"20 weight" oil needed for rowing machine chain?

The manual for my rowing machine tells me I need to lubricate the chain every 600 miles with "20 weight" oil. I've never heard this term before but Google tells me (not surprisingly) it's a grading relating to viscosity.
I've got two containers of oil in the garage - one's a can of motor oil, rated 10W40 (for which the "W" refers to "Winter" not "Weight") and the other is a small can of thin oil branded "Woolworths", bicycles and sewing machines for the lubrication of. Neither label has any indication as to the content's "weight".
Experience suggests to me that my Woolie's can will do the trick, but can anyone shed any light on this?
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David

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Use whatever you have most of.
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Just don't get it on any kind of friction pads that may be in use. Is it not about time that exercise machines replaced friction pads with a device for generating power charge you phone or some such? Brian
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Brian Gaff wrote:

Quite a few exercise machines don't use friction pads, but have a magnet which is moved closer/further from a rotating iron flywheel, generating resistance by the eddy currents.
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+1
I would use whatever was least messy. A chain is cheap and easy to replace too. Not worth agonising over the "right" lubricant.
Tim
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On 24/09/2016 22:37, Lobster wrote:

At a guess as I worked for rolls royce oiling machines for a couple of years around 40 years ago. We used various oils for different machines. They (from memory) used a numbering system from 10 (very thin) up to 80 (very thick) and the 10 was very light, I recall guys asking for a 30 to use in their cars so I reckon you are looking for something below that so I reckon the Woolie one is about right.
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On Saturday, 24 September 2016 22:37:47 UTC+1, Lobster wrote:

20 is a thick oil, the light stuff won't be at all suitable.
Your multigrade car oil will be 40 when cold, 10 when hot, so that's not right either. Presumably it uses thick oil so it doesn't drop off the chain.
NT
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On Sat, 24 Sep 2016 16:25:19 -0700 (PDT), snipped-for-privacy@gmail.com wrote:

I know some motorcycle chain lubes are very sticky so as you say, they don't get thrown off and I thought some cycle chain lubes were 'dry' (waxy?) so that the didn't attract dust and dirt (turning the oil into a grinding paste), not that that should be an issue in the OP's case. ;-)
So, I would say, if the chain is covered and you are looking for 'exercise' [1], a bit of extra drag from some motorcycle chain lube might be worth it, should also be offering better protection against wear (the main idea after all) and not end up all over the place.
I'm also guessing this wouldn't be an 'o-ring' chain so it might benefit for a good cleaning before a good re-lubing. If you can get it off easily (joining link?) soak / wash it in some suitable de-greaser (that would have been petrol in 'my day' <g>), allow to dry and then I'd put it in my tin of 'Linklife' on the stove. ;-)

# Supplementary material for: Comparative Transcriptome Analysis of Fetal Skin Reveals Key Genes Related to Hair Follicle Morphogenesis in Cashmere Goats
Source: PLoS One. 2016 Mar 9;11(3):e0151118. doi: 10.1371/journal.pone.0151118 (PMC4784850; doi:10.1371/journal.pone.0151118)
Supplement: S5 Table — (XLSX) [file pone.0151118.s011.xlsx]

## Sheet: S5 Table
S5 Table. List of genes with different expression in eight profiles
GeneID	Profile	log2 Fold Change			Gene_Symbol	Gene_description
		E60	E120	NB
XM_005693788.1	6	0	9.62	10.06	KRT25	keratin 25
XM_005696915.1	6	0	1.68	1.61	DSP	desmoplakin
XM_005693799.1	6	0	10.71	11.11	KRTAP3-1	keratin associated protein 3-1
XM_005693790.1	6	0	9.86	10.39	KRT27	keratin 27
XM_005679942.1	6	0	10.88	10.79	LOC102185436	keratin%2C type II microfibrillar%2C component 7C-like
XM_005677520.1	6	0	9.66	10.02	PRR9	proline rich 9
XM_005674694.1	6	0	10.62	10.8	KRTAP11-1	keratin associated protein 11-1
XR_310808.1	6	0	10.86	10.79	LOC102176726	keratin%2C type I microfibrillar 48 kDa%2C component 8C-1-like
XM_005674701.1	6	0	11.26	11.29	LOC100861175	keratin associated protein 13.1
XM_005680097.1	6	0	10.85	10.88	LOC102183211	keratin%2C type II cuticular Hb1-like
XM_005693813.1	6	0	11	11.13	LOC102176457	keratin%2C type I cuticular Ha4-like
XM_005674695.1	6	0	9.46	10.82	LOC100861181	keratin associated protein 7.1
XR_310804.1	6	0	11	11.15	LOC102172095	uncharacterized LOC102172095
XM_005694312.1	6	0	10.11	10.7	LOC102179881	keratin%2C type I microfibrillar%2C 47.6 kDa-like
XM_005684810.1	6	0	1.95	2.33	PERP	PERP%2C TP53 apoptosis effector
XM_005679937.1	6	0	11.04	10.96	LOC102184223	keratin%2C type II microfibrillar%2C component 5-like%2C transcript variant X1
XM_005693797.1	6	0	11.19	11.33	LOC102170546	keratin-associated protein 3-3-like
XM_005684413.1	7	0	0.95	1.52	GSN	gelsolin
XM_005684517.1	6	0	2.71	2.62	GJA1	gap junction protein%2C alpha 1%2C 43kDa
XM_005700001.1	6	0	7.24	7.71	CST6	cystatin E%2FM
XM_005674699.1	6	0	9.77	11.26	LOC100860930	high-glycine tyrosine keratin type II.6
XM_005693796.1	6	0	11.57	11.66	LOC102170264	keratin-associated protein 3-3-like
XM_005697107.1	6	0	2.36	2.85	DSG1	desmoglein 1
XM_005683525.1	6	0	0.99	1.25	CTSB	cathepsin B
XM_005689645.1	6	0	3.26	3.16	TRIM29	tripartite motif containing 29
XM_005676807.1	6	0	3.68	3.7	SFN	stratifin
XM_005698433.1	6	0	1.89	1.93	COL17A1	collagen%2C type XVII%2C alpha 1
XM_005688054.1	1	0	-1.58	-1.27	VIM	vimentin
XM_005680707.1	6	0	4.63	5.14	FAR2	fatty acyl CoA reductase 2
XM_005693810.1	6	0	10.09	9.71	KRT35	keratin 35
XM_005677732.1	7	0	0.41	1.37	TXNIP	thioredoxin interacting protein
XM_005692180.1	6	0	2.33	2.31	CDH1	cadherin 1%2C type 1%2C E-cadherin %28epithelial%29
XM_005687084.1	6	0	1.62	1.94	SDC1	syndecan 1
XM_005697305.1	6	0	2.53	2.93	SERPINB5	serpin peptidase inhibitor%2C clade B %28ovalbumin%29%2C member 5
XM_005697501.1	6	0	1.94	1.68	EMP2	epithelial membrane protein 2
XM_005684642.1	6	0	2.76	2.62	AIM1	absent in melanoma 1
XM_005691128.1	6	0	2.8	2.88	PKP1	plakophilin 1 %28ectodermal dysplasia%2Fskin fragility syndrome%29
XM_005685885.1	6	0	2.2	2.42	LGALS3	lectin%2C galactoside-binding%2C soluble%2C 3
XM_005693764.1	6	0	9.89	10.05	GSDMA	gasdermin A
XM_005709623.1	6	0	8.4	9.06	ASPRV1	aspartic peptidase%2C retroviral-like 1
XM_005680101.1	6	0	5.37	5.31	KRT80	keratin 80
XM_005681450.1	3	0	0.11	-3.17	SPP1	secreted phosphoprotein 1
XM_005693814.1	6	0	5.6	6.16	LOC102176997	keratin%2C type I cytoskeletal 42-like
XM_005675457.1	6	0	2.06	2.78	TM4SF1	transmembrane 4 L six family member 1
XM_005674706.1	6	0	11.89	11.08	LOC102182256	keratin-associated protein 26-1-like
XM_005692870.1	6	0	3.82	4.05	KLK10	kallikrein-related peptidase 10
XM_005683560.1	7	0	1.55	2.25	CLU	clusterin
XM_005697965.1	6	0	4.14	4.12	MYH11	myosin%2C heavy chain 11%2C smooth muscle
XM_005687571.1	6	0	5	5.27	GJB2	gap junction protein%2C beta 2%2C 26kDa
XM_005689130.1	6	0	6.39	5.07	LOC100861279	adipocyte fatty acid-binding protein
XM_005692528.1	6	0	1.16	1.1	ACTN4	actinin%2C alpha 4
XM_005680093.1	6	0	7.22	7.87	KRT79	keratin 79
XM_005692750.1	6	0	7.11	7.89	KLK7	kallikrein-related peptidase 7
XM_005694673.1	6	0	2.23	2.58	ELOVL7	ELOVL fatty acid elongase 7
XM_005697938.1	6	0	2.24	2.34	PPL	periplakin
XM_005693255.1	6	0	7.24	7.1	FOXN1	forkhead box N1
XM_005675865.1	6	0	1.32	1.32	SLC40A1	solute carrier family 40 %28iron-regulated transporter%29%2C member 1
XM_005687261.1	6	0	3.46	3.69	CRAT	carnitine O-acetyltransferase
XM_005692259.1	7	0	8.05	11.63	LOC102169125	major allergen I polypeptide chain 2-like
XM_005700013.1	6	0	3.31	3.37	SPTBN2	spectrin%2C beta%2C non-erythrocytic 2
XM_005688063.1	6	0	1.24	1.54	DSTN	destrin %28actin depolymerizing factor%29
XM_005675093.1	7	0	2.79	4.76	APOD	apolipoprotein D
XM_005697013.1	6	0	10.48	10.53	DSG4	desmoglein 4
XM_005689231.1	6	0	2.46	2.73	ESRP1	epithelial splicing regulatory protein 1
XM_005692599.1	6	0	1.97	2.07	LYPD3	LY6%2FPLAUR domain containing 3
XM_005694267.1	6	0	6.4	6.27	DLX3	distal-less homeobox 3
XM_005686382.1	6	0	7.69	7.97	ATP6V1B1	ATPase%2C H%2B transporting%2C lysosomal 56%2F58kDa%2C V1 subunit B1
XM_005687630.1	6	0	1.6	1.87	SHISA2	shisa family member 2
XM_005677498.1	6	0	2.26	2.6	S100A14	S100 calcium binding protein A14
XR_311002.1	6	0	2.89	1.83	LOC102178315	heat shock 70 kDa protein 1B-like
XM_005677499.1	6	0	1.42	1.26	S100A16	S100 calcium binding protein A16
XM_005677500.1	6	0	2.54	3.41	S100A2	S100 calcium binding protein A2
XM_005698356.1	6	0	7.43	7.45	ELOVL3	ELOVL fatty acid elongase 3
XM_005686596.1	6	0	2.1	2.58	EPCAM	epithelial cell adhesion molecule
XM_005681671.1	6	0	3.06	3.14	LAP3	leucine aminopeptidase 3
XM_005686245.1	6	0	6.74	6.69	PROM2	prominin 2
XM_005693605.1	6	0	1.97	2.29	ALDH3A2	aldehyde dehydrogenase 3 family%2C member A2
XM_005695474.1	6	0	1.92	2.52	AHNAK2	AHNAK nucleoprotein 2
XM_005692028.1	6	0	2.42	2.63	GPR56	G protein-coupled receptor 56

I think this is the nearest current equivalent that I have found:
http://www.trialsbits.co.uk/product_info.php?cPath 3&products_id06
And remember there are two main areas you are trying to lubricate, the pins, rollers and side plates of the chain itself and the sprocket teeth where the chain is joining (under load).
Cheers, T i m
1] We generally fit heavier / puncture resistant tyres on our cycles and tandem because we are looking to use them partly for (fun / interesting) exercise and partly because we want that exercise to be from cycling, not repairing punctures or pushing the bikes home. ;-)
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Ah, that takes me back 30 years! My mum really used to love it when I boiled up my motorbike chain on her cooker. (Hey, I never did actually spill it though, mum...!). Actually, I've very recently come back to motorbikes again after a long layoff, and it seems that method is now out of favour (I suppose probably because you don't get many non-O-ring chains these days). Anyway, I don't think it would be appropriate for my rowing machine, which has a very lightweight chain in comparison to a motorbike (and it's not done 'de rigeur' for bicycle chains either), and it could be awful messy in my spare bedroom!
As there seemed to be a lot of disagreement here, I've done some more digging. Seems that 20-weight oil is what's usually used inside motorcycle forks or shock absorbers (eg http://www.ebay.co.uk/itm/282042649506 ). As it's 30+ years since I last played with that stuff I can't remember what it was like (though I expect Mum still has half a can in her garage somewhere!); however I had a look on the website of the rowing machine manufacturer and found a how-to-do-it maintenance video. This has a bloke using 3-in-1 (ie, the same as my Woolie's oil as far as I'm concerned!) See http://tinyurl.com/j9w2smr (2 mins 5 secs in) or http://www.concept2.co.uk/service/indoor-rowers/model-d/maintenance . That'll do me.
Thanks all
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On Sun, 25 Sep 2016 12:00:34 +0000 (UTC), Lobster